Whether you’ve been gifted a baby or an older pet, you need to establish some routines to ensure they’re happy and healthy in your care. There are a lot of responsibilities that come with a new pet, but you can start with the most important. Here are the first few things you should do.
Pet-proof your home
First, make sure that harmful substances are out of reach. Young animals tend to explore the world through smell and taste, so try to remove anything they might ingest or chew on, including cleaning products, electric cords or wires, human food, trash, shoes, and small items they could swallow.
Rather than rearranging your entire home, you can start by closing doors or putting up baby gates to contain their exploring area to one clear room, ideally one without carpet or furniture that you couldn’t stand to have damaged. You can start to introduce them to other areas of the house as you pet-proof them.
If you have a dog that isn’t housetrained, you’ll want to keep them near a door to outside so that you can start potty training as soon as possible. In the meantime, keep fresh pee pads in their living area. It’s also a good idea to have stain and odor remover on hand for accidents.
Get the essentials
On day one, you don’t have to rush out to the store and spend several hundred dollars on supplies. You’ll need just four things to care for a dog or cat right away and buy other necessities as you go. Immediately, you’ll need:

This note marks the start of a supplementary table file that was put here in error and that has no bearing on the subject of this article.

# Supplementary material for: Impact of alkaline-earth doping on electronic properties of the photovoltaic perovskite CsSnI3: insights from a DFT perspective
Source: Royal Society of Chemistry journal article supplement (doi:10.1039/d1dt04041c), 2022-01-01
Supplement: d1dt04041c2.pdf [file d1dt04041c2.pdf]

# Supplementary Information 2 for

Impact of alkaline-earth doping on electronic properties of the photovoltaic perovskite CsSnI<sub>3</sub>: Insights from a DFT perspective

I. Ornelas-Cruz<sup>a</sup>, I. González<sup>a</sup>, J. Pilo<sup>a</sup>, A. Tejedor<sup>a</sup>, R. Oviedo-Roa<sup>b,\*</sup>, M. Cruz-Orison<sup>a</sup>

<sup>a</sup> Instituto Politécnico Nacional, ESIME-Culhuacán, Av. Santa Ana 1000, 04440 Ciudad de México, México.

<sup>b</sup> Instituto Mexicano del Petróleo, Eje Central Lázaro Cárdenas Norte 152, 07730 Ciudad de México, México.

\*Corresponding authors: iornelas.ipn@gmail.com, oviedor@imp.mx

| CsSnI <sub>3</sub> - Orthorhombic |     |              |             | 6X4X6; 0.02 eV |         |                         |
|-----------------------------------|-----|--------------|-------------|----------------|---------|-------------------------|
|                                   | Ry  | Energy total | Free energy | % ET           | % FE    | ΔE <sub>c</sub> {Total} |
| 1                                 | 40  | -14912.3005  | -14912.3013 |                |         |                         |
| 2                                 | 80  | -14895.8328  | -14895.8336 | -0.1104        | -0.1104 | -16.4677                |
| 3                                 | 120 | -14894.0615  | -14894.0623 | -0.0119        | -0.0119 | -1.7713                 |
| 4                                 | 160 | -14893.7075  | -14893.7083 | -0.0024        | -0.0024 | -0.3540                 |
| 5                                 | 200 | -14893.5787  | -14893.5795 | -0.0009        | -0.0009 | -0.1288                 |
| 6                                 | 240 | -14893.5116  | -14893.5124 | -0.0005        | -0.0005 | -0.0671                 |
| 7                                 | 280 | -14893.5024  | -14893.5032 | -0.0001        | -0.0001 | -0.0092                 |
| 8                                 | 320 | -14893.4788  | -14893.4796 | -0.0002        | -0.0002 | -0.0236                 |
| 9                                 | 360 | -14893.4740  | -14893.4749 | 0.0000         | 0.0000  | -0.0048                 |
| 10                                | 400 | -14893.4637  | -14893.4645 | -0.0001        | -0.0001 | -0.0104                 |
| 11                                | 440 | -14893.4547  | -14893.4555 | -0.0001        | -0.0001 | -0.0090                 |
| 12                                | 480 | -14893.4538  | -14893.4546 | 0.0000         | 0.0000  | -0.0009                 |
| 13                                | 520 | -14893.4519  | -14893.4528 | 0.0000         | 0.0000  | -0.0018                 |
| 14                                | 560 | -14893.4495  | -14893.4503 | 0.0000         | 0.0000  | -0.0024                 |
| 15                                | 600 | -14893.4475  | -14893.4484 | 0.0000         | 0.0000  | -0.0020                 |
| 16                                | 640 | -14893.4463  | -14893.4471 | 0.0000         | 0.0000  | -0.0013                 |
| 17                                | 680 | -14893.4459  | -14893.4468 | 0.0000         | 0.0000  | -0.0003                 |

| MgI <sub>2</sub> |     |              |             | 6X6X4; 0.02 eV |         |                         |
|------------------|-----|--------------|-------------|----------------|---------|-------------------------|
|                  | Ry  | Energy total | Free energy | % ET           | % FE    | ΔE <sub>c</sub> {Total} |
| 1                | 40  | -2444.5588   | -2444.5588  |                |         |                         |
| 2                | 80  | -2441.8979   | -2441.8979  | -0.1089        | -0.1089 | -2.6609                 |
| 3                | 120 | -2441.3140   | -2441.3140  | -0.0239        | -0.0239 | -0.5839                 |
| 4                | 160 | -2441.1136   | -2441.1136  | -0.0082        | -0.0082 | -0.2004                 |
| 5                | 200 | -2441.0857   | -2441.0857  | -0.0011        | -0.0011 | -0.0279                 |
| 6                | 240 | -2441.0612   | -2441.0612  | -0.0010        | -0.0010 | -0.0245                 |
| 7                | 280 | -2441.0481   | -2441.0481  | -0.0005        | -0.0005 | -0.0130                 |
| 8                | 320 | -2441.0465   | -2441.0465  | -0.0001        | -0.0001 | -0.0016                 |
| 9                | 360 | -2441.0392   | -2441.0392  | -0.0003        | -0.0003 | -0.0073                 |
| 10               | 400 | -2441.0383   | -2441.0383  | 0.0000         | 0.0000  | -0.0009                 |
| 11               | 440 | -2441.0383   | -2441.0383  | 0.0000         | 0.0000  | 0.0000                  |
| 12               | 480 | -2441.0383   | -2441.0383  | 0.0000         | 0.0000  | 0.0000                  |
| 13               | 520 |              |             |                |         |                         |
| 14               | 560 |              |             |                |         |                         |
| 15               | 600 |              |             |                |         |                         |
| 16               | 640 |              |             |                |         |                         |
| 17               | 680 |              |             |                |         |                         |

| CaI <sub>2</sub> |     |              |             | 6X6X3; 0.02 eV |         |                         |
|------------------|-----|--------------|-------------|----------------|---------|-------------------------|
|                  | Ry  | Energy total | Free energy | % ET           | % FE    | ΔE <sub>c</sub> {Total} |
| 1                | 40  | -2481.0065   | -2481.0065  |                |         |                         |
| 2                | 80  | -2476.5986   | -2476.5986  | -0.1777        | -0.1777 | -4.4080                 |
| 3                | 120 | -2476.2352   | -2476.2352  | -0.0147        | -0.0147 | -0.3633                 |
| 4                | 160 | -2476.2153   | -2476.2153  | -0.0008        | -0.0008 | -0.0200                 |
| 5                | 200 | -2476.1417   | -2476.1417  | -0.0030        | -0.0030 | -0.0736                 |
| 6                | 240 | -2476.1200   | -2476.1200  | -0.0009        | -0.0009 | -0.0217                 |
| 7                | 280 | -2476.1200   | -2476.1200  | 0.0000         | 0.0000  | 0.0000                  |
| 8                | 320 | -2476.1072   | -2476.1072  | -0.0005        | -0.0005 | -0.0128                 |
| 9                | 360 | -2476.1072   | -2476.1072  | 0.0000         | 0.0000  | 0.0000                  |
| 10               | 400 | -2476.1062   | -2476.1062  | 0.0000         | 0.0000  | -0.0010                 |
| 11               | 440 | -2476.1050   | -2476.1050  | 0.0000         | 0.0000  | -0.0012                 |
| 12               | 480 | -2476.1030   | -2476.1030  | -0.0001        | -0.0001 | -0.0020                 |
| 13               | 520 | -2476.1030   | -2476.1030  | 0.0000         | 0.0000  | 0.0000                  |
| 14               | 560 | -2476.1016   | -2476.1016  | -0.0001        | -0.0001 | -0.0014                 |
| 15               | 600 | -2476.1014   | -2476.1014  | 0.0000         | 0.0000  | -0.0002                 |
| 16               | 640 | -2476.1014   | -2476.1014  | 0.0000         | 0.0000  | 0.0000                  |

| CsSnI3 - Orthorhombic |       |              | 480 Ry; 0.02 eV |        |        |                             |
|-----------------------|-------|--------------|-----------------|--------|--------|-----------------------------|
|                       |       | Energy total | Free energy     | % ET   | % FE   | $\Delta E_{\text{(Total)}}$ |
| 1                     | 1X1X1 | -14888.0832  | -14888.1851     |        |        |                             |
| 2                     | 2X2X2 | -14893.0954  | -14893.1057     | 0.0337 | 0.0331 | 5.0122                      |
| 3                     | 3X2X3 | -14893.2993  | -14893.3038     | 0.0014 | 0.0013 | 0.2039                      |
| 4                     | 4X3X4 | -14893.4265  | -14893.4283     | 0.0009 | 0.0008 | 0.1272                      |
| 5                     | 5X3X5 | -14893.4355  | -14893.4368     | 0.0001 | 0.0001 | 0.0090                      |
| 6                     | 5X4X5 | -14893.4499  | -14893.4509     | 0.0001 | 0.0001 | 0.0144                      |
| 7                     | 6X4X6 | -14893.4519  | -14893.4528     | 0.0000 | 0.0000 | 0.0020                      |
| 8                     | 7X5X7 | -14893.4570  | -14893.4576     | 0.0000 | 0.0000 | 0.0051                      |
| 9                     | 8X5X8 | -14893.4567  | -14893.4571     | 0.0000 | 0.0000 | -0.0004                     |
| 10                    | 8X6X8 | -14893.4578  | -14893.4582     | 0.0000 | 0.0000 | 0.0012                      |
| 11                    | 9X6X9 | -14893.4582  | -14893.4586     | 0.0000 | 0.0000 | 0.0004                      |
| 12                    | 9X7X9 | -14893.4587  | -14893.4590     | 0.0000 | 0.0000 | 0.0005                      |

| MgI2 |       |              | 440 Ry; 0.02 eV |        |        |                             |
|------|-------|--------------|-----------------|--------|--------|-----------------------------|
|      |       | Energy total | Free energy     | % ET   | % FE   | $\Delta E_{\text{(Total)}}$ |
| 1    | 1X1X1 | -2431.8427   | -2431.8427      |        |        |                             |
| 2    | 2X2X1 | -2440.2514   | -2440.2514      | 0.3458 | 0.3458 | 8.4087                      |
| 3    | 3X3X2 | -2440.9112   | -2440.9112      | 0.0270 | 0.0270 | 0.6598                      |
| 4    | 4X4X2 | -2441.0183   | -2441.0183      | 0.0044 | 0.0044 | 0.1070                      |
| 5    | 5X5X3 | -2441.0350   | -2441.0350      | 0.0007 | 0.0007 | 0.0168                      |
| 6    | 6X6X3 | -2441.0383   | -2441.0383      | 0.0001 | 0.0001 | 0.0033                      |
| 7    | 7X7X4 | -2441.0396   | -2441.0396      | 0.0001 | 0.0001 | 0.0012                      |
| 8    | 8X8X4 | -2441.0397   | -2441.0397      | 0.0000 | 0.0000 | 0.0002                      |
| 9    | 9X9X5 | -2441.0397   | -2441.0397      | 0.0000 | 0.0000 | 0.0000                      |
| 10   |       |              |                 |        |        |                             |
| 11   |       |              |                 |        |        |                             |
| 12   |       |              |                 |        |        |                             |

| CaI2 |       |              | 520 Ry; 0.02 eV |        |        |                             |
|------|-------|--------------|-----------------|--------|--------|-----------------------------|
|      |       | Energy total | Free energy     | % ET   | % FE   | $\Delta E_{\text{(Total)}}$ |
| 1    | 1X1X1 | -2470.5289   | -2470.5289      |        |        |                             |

- Food and water bowls
- Pee pads or a litter box
- Blankets or bedding
- A leash (if you have an adult dog that’s already potty trained).
As you might have guessed, food, water, and shelter are key. Check out our guide to feeding your new puppy for tips on how much and how often to feed your dog.
After your pet has settled in for a few days, you can start to think about purchasing treats, toys, grooming supplies, or other accessories.
Establish the house rules
The first few days in a new environment are a huge learning opportunity for your new pet. Decide ahead of time what furniture they’re allowed to get on and where they’re allowed to go within your house. As they explore, they’ll likely get into a few things they shouldn’t. Be sure to consistently give a firm “no” when they do something undesirable. Remember to use their name often, too.
Schedule a veterinary visit